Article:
The Importance of Knowing Hypertension
Hypertension ̶ or elevated blood pressure ̶ is a severe medical condition that significantly increases the risks of heart, brain, kidney, and other diseases.
An estimated 1.13 billion people worldwide have hypertension.
In 2015, 1 in 4 men and 1 in 5 women had hypertension.
Fewer than 1 in 5 people with hypertension have the problem under control.
Hypertension is a significant cause of premature death worldwide.
One of the global targets for non-communicable diseases is to reduce the prevalence of hypertension by 25% between 2010 and 2025.
What is blood pressure?
Blood pressure is the force of your blood pushing against the walls of your arteries. Each time your heart beats, it pumps blood into the arteries. Your blood pressure is highest when your heart beats, pumping the blood. This is called systolic pressure. When your heart is at rest, between beats, your blood pressure falls. This is called diastolic pressure.
Your blood pressure reading uses these two numbers. Usually, the systolic number comes before or above the diastolic number. For example, 120/80 means a systolic of 120 and a diastolic of 80.
How is hypertension diagnosed?
Hypertension usually has no symptoms. Most people with hypertension are
unaware of the problem because it may have no warning signs or symptoms. When symptoms occur, they can include early morning headaches, nosebleeds, irregular heart rhythms, vision changes, and buzzing in the ears. Severe hypertension can cause fatigue, nausea, vomiting, confusion, anxiety, chest pain, and muscle tremors.
So the only way to find out if you have it is to get regular blood pressure checks from your health care provider. Your provider will use a gauge, a stethoscope or electronic sensor, and a blood pressure cuff. They will take two or more readings at separate appointments before making a diagnosis.
For children and teens, the health care provider compares the blood pressure reading to what is normal for other kids who are the same age, height, and gender.
People with diabetes or chronic kidney disease should keep their blood pressure below 130/80.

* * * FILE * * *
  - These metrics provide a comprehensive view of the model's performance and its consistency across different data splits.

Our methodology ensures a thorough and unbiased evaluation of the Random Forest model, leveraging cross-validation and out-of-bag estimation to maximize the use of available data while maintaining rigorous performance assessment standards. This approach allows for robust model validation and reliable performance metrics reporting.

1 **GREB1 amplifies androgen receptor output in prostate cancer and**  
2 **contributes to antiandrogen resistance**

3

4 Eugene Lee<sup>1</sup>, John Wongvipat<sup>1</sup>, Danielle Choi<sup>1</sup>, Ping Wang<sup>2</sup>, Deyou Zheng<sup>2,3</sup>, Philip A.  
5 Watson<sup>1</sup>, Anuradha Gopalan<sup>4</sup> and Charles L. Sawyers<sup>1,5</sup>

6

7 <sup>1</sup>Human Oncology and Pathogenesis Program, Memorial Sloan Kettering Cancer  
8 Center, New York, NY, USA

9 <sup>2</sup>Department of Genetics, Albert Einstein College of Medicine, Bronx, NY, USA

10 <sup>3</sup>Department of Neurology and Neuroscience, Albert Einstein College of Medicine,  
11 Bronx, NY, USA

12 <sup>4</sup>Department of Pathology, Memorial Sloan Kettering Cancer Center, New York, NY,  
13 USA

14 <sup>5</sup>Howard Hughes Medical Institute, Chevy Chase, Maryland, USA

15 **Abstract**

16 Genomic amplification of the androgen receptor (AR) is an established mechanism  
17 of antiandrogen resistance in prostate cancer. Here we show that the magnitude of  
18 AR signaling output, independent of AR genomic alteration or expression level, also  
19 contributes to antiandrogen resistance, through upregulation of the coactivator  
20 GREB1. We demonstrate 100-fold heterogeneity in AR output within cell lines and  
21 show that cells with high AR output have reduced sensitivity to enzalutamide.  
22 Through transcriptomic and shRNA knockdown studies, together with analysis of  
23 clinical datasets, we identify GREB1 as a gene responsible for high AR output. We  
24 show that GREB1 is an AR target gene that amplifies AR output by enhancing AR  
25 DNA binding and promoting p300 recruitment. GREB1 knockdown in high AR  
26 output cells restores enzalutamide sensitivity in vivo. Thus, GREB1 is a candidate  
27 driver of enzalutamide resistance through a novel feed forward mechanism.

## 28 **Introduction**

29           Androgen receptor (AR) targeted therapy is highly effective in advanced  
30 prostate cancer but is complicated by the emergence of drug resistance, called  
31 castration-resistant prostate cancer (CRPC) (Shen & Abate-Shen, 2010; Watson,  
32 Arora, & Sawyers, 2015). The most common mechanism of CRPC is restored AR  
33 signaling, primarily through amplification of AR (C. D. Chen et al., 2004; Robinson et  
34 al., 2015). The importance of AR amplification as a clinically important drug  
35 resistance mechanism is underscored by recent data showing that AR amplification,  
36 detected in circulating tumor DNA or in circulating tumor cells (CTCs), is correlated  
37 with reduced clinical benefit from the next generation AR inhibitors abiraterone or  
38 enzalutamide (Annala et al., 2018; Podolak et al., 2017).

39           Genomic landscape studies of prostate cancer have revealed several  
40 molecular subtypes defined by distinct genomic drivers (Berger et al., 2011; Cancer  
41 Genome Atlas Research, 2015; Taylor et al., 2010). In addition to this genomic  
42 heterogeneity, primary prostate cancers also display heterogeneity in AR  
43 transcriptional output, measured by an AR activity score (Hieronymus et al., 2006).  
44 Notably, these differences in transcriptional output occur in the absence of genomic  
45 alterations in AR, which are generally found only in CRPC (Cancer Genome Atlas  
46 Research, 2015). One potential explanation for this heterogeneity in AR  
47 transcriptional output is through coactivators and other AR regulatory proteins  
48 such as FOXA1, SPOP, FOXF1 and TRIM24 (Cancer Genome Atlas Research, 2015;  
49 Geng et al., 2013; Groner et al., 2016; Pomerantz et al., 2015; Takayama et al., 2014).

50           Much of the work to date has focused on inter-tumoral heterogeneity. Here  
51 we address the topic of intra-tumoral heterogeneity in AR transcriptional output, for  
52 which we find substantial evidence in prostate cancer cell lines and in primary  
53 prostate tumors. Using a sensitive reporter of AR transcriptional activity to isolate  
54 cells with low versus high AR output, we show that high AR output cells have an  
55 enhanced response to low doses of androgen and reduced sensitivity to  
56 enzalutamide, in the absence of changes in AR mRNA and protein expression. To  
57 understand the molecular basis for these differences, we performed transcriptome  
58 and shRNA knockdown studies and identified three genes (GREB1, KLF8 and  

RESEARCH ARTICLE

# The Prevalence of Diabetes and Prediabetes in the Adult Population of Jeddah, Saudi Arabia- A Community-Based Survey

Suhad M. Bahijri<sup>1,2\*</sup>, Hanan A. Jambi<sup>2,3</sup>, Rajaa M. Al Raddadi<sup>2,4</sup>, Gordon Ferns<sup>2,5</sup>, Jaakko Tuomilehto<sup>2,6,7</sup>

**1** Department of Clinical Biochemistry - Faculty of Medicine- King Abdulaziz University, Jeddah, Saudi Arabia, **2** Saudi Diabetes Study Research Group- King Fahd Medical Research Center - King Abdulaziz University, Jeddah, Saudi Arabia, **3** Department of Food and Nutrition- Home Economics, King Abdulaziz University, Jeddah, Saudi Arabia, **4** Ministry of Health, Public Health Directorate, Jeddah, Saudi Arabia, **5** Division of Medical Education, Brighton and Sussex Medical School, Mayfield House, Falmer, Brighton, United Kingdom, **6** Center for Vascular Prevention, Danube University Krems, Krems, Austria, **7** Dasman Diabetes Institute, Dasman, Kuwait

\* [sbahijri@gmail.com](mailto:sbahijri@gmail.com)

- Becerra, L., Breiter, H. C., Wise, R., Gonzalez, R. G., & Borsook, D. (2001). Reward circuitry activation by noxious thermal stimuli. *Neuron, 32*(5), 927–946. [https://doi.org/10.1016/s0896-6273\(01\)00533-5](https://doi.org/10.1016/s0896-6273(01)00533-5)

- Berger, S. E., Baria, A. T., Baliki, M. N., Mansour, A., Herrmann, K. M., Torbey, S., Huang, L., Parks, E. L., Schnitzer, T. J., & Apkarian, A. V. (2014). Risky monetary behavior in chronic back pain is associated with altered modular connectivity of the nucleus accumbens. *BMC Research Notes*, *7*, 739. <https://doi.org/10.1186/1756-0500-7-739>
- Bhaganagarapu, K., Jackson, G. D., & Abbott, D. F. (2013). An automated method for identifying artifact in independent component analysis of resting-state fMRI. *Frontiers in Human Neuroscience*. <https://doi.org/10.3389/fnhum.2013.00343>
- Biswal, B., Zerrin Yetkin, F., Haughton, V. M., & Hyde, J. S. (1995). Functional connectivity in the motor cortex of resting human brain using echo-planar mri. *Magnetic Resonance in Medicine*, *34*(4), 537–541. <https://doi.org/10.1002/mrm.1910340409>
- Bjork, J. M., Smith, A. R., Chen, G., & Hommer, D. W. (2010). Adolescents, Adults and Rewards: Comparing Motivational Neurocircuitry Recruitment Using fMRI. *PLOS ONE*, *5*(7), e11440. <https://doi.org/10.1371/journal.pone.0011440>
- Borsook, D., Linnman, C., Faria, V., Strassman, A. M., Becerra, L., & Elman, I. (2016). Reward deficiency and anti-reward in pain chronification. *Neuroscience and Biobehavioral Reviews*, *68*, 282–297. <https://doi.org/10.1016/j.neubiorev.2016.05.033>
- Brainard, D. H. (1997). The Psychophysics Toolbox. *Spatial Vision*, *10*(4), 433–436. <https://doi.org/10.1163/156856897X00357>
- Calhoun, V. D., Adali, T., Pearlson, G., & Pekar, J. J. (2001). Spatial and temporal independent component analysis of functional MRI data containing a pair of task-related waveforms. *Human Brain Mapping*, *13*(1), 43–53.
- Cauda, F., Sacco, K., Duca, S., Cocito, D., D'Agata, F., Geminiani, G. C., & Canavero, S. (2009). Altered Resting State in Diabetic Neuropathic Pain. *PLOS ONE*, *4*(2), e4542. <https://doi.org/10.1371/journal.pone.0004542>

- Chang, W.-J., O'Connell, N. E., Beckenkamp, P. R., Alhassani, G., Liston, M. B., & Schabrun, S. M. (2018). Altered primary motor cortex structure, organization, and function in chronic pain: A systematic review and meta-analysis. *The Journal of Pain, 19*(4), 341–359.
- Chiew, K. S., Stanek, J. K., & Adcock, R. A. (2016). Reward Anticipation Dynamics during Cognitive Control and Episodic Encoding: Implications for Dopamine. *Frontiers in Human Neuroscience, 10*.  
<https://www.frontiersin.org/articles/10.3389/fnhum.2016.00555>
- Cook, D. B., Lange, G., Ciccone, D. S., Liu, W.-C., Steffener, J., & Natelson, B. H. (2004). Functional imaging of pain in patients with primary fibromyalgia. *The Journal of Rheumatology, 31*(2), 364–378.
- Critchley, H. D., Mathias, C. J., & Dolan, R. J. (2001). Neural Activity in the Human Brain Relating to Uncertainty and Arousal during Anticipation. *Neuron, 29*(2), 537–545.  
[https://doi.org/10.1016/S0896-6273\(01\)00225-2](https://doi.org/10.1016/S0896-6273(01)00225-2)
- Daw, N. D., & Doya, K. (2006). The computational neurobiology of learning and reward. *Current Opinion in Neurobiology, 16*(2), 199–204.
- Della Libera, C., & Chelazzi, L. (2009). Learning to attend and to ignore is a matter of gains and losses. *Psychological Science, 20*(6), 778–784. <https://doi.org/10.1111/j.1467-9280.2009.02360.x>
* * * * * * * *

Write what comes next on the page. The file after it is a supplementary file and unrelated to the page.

Who is at risk for hypertension?
Anyone can develop hypertension, but certain factors can increase your risk:
- Age - Older people are at a higher risk of developing hypertension.
- Weight - People who are overweight or have obesity are more likely to develop hypertension.
- Lifestyle - Certain lifestyle habits can raise your risk for hypertension, such as overeating sodium (salt) or not enough potassium, lack of exercise, drinking too much alcohol, and smoking.
- Family history - A family history of hypertension raises the risk of developing hypertension.
What are the complications of uncontrolled hypertension?
Among other complications, hypertension can cause severe damage to the heart. Excessive pressure can harden arteries, decreasing the flow of blood and oxygen to the heart. This elevated pressure and reduced blood flow can cause:
- Chest pain is also called angina.
- A heart attack occurs when the blood supply to the heart is blocked, and heart muscle cells die from lack of oxygen. The longer the blood flow is blocked, the greater the damage to the heart.
- Heart failure occurs when the heart cannot pump enough blood and oxygen to other vital body organs.
- Irregular heartbeat.
Hypertension can also burst or block arteries that supply blood and oxygen to the brain, causing a stroke.
In addition, hypertension can cause kidney damage, leading to kidney failure.
How can I prevent hypertension?
You can help prevent hypertension by having a healthy lifestyle. It means:
- Healthy diet: To help manage your blood pressure, you should limit the amount of sodium (salt) that you eat and increase potassium in your diet. It is also essential to eat lower in fat and plenty of fruits, vegetables, and whole grains.
- Regular exercise: Exercise can help you maintain a healthy weight and lower your blood pressure. It would help if you tried to get moderate-intensity aerobic exercise at least two and a half hours per week or vigorous-intensity aerobic exercise for 1 hour and 15 minutes per week. Aerobic exercise, such as brisk walking, is an exercise in which your heart beats harder and you use more oxygen than usual.
- Being at a healthy weight: Being overweight or having obesity increases your risk for hypertension. Maintaining a healthy weight can help you control hypertension and reduce your risk for other health problems.
- Limiting alcohol: Drinking too much alcohol can raise your blood pressure. It also adds extra calories, which may cause weight gain. Men should have no more than two drinks per day, and women only one.
- Not smoking: Cigarette smoking raises your blood pressure and puts you at higher risk for heart attack and stroke. If you do not smoke, do not start. If you do smoke, talk to your health care provider for help in finding the best way for you to quit.
- Managing stress: Learning how to relax and manage stress can improve your emotional and physical health and lower high blood pressure. Stress management techniques include exercising, listening to music, focusing on calm or peace, and meditating.
If you already have hypertension, it is crucial to prevent it from getting worse or causing complications. You should get regular medical care and follow your prescribed treatment plan. Your plan will include healthy lifestyle habit recommendations, possibly medicines and supplements.